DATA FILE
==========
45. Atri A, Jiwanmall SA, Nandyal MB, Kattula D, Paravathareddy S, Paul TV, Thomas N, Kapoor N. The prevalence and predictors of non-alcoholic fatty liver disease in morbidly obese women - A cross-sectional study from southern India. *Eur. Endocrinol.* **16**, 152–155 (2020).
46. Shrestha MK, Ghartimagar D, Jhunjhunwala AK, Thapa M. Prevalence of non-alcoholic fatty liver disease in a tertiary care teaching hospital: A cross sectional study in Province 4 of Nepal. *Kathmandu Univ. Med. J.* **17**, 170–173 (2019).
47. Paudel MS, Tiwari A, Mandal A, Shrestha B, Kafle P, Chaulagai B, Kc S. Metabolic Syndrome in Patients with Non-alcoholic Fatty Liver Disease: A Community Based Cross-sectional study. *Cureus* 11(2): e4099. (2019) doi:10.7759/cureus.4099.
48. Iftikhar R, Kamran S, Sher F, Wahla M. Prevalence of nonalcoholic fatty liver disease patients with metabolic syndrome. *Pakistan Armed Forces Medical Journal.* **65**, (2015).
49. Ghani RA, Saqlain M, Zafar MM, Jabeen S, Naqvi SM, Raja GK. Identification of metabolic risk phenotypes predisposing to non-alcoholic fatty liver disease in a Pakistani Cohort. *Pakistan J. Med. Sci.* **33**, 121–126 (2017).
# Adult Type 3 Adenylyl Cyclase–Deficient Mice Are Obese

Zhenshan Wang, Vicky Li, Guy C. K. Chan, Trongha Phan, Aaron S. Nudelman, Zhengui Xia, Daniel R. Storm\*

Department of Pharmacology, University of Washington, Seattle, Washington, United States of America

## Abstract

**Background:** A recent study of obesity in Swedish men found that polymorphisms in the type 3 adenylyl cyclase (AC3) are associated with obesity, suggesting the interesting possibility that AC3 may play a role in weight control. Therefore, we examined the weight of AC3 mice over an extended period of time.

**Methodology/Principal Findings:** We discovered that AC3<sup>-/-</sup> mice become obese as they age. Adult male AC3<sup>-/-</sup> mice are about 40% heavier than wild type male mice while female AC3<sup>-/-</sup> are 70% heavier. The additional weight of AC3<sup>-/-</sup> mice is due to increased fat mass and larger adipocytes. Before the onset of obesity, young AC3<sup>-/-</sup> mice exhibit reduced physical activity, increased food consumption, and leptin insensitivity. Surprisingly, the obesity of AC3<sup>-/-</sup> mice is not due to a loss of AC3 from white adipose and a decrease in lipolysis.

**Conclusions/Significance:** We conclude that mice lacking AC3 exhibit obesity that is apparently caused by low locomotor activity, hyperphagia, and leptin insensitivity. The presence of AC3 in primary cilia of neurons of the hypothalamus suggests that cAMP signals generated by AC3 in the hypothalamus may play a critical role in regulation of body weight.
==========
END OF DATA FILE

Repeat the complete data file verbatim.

45. Atri A, Jiwanmall SA, Nandyal MB, Kattula D, Paravathareddy S, Paul TV, Thomas N, Kapoor N. The prevalence and predictors of non-alcoholic fatty liver disease in morbidly obese women - A cross-sectional study from southern India. *Eur. Endocrinol.* **16**, 152–155 (2020).
46. Shrestha MK, Ghartimagar D, Jhunjhunwala AK, Thapa M. Prevalence of non-alcoholic fatty liver disease in a tertiary care teaching hospital: A cross sectional study in Province 4 of Nepal. *Kathmandu Univ. Med. J.* **17**, 170–173 (2019).
47. Paudel MS, Tiwari A, Mandal A, Shrestha B, Kafle P, Chaulagai B, Kc S. Metabolic Syndrome in Patients with Non-alcoholic Fatty Liver Disease: A Community Based Cross-sectional study. *Cureus* 11(2): e4099. (2019) doi:10.7759/cureus.4099.
48. Iftikhar R, Kamran S, Sher F, Wahla M. Prevalence of nonalcoholic fatty liver disease patients with metabolic syndrome. *Pakistan Armed Forces Medical Journal.* **65**, (2015).
49. Ghani RA, Saqlain M, Zafar MM, Jabeen S, Naqvi SM, Raja GK. Identification of metabolic risk phenotypes predisposing to non-alcoholic fatty liver disease in a Pakistani Cohort. *Pakistan J. Med. Sci.* **33**, 121–126 (2017).
# Adult Type 3 Adenylyl Cyclase–Deficient Mice Are Obese

Zhenshan Wang, Vicky Li, Guy C. K. Chan, Trongha Phan, Aaron S. Nudelman, Zhengui Xia, Daniel R. Storm\*

Department of Pharmacology, University of Washington, Seattle, Washington, United States of America

## Abstract

**Background:** A recent study of obesity in Swedish men found that polymorphisms in the type 3 adenylyl cyclase (AC3) are associated with obesity, suggesting the interesting possibility that AC3 may play a role in weight control. Therefore, we examined the weight of AC3 mice over an extended period of time.

**Methodology/Principal Findings:** We discovered that AC3<sup>-/-</sup> mice become obese as they age. Adult male AC3<sup>-/-</sup> mice are about 40% heavier than wild type male mice while female AC3<sup>-/-</sup> are 70% heavier. The additional weight of AC3<sup>-/-</sup> mice is due to increased fat mass and larger adipocytes. Before the onset of obesity, young AC3<sup>-/-</sup> mice exhibit reduced physical activity, increased food consumption, and leptin insensitivity. Surprisingly, the obesity of AC3<sup>-/-</sup> mice is not due to a loss of AC3 from white adipose and a decrease in lipolysis.

**Conclusions/Significance:** We conclude that mice lacking AC3 exhibit obesity that is apparently caused by low locomotor activity, hyperphagia, and leptin insensitivity. The presence of AC3 in primary cilia of neurons of the hypothalamus suggests that cAMP signals generated by AC3 in the hypothalamus may play a critical role in regulation of body weight.